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Download Betrayed (La Casa Della Notte Volume 2)
Unabridged Version. What urged him to blast a project that other critics, such as Reyner Banham, revered? Copyright Agenor. And for Zevi, deeply affected by the events of the Fascist era, this is not a chance that one can pass over in silence. So began his prolonged series of partisan attacks.
First, we find proof of a privileged understanding of the situation:.
Going against the grain, going against the international rhetoric that magnified Brasilia, we have criticized its program, its master plan and its architecture. We have defined it a Kafkian city, showing how its construction would have fatally resulted in an anti-democratic product, because its very existence implied the endorsement of a fascist-like law against internal immigration, and of a police state to endorse it.
The recent events have confirmed our fears. Young people are wrong in believing in the myth of Brasilia. But if it comes to fighting generals, we are ready even to defend Brasilia.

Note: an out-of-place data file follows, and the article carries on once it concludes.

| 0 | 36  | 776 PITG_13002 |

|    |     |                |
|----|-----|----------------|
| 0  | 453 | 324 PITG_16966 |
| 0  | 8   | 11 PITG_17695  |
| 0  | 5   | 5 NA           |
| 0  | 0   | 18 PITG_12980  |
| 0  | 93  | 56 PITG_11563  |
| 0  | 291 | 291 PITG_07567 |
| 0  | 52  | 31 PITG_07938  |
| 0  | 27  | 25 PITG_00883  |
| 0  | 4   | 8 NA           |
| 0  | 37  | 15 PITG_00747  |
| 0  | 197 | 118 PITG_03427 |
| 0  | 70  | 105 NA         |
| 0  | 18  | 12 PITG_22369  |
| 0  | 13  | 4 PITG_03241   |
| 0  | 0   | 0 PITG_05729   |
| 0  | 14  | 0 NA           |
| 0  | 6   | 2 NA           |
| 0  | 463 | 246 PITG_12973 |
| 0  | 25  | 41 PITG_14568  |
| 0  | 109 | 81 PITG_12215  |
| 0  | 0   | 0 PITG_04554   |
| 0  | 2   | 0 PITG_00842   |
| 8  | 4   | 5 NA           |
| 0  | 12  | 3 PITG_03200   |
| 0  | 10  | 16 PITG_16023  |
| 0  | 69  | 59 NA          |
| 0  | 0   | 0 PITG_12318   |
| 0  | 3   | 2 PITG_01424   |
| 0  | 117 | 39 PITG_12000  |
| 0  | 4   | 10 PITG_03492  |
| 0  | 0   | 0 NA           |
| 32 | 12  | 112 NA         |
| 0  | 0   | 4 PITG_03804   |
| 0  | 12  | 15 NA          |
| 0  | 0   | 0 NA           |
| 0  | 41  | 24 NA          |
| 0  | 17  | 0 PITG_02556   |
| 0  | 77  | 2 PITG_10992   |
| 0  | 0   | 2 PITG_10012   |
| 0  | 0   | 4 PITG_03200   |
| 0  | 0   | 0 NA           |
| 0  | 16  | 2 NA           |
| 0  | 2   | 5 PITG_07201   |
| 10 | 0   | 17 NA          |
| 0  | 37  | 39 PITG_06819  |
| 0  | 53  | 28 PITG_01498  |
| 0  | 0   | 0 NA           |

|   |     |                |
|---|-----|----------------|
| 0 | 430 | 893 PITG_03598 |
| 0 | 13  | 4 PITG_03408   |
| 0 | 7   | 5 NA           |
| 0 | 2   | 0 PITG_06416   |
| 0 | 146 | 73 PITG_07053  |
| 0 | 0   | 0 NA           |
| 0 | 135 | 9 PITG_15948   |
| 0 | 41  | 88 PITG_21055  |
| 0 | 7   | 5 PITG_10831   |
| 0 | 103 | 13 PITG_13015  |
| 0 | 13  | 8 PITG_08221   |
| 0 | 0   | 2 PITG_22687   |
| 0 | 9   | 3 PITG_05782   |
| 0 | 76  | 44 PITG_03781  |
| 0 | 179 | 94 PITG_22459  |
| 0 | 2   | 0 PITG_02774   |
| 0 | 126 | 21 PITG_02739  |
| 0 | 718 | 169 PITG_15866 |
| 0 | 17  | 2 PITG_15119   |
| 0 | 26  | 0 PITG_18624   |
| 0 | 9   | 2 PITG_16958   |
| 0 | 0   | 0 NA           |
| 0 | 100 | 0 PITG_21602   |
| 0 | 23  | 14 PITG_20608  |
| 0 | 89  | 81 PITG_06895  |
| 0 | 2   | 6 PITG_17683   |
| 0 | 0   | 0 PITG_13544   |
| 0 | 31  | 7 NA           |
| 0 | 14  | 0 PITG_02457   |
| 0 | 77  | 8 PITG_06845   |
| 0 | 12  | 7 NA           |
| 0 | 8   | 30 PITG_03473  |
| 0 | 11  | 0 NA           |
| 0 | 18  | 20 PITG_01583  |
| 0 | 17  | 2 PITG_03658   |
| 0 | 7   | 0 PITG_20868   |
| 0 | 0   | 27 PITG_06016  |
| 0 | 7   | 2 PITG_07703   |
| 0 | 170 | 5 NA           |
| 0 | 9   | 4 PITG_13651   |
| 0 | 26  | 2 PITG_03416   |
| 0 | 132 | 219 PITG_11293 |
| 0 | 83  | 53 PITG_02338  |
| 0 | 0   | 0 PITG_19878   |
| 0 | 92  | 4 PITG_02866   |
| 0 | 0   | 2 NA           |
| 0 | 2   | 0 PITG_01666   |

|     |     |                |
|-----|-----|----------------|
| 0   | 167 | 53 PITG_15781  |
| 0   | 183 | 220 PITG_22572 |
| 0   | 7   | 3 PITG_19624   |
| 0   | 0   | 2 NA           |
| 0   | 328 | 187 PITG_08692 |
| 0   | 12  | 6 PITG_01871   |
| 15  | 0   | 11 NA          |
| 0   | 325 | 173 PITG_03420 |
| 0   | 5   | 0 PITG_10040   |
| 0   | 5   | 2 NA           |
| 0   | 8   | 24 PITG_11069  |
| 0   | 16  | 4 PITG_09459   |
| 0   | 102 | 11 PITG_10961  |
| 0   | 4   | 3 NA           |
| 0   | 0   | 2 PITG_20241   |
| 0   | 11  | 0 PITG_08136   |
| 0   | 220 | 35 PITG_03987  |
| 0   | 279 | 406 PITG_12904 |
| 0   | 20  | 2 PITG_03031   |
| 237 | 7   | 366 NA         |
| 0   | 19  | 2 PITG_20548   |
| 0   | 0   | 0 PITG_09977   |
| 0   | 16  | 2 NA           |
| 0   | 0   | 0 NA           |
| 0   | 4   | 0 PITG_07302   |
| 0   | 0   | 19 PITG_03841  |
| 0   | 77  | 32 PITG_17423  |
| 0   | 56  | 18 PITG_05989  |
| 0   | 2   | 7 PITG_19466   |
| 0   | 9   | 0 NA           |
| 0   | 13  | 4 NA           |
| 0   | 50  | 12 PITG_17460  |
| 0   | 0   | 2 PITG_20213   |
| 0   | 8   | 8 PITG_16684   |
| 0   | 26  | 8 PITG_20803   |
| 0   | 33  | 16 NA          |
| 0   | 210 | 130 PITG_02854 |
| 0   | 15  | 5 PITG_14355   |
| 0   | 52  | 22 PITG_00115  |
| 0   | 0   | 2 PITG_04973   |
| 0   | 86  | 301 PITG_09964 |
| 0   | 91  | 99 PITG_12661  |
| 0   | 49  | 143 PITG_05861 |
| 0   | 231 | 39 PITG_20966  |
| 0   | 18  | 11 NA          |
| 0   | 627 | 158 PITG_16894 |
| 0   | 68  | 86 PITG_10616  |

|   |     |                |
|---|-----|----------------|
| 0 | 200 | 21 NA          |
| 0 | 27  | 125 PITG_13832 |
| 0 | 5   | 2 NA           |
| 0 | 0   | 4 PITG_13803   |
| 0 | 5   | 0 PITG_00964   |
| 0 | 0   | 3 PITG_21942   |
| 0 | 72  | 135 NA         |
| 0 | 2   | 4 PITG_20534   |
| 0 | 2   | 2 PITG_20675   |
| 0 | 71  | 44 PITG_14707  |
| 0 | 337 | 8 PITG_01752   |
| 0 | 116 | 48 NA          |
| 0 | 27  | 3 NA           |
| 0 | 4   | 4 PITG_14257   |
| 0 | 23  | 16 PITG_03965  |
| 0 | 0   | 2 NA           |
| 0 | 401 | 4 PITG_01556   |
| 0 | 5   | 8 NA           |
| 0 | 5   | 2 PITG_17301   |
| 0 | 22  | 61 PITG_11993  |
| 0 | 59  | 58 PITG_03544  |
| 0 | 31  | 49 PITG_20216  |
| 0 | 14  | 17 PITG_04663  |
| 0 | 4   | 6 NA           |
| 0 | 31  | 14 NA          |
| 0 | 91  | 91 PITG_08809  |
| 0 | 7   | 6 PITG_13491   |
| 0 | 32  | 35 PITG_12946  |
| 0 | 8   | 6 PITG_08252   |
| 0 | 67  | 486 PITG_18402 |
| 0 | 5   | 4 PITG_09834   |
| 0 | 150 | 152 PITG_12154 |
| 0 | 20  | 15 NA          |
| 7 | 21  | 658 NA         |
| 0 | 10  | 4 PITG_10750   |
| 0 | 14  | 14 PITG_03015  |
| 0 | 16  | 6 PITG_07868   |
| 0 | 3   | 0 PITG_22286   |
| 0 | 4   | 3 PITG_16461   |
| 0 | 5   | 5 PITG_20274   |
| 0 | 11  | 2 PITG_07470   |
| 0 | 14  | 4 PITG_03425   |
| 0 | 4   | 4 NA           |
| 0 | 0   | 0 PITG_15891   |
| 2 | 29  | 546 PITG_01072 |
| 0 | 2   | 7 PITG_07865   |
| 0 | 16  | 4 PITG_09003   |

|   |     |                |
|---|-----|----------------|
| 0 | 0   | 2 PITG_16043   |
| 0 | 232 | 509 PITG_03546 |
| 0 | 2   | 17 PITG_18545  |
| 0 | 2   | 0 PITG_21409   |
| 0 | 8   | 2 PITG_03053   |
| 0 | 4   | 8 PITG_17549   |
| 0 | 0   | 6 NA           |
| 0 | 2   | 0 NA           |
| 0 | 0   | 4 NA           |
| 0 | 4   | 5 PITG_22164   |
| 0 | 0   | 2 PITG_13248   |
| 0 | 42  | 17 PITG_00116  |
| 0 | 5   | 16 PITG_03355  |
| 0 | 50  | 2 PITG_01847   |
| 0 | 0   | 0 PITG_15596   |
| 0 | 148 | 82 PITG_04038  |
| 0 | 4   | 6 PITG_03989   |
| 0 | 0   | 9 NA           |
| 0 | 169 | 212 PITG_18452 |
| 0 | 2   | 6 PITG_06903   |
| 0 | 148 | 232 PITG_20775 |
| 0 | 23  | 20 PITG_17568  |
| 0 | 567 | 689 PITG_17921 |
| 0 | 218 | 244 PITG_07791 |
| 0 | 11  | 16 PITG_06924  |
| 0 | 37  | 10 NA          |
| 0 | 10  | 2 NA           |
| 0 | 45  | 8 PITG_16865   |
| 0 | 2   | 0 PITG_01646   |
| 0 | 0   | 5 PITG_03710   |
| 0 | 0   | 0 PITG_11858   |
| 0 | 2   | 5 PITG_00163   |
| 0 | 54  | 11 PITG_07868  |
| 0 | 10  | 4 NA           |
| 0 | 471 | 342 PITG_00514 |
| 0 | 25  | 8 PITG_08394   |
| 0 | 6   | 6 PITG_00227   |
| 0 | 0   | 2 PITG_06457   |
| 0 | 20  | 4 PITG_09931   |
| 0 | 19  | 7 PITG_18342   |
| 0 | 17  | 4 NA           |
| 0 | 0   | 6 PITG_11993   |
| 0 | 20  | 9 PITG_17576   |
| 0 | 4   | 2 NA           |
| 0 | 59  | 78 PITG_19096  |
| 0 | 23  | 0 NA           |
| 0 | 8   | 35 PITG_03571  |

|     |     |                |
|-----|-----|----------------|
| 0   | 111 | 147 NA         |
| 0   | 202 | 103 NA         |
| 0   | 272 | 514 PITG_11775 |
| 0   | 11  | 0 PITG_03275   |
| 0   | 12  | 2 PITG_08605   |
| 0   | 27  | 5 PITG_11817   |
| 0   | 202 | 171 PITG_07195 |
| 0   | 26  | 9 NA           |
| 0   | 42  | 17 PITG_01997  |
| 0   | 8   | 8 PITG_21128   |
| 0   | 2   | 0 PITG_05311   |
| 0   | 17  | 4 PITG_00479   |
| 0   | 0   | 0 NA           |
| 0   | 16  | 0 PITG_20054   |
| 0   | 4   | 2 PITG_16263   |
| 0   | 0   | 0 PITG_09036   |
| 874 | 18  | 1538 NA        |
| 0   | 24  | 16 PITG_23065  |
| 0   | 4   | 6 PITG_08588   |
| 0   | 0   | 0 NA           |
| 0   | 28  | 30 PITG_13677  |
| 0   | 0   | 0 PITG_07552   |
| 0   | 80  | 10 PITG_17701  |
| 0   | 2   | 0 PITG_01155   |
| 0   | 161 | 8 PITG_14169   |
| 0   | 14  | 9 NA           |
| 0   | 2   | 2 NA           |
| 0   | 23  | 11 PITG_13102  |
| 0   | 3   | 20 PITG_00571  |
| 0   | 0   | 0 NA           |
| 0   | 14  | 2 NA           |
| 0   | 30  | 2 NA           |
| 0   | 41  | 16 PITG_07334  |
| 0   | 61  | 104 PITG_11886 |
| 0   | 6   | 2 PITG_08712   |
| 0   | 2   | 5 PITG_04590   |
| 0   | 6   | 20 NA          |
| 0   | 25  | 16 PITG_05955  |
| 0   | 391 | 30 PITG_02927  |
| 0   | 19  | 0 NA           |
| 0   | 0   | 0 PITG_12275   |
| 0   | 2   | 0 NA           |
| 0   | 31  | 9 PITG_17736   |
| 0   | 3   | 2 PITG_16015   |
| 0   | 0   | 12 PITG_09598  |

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It derives from a reluctance to accept the disintegration of the democratic ideals in architecture—especially when the shadow of Fascism is revived by a passionate Communist like Niemeyer. The Italian lens through which it has been observed is instead very well present. The Italian editorial account of the Latin American contribution to modern architecture unfolds as a form self-reflection, an auto-referential project where the object of criticism is obliterated to let the critical voice of the observer emerge.
If all history writing is tendentious, then, to a certain extent, any account of Latin American architecture is destined to be distorted by the voice of those from elsewhere who write it. But if sufficient critical distance can afford insight into the gaps and prejudices that affect the mediatization of architecture, now is the time for an inquiry into the reception of Latin American architecture—and not only in Italian magazines. Perhaps this will help recuperate some of what has thus far been tainted by national, political and ideological bias, conscious and otherwise.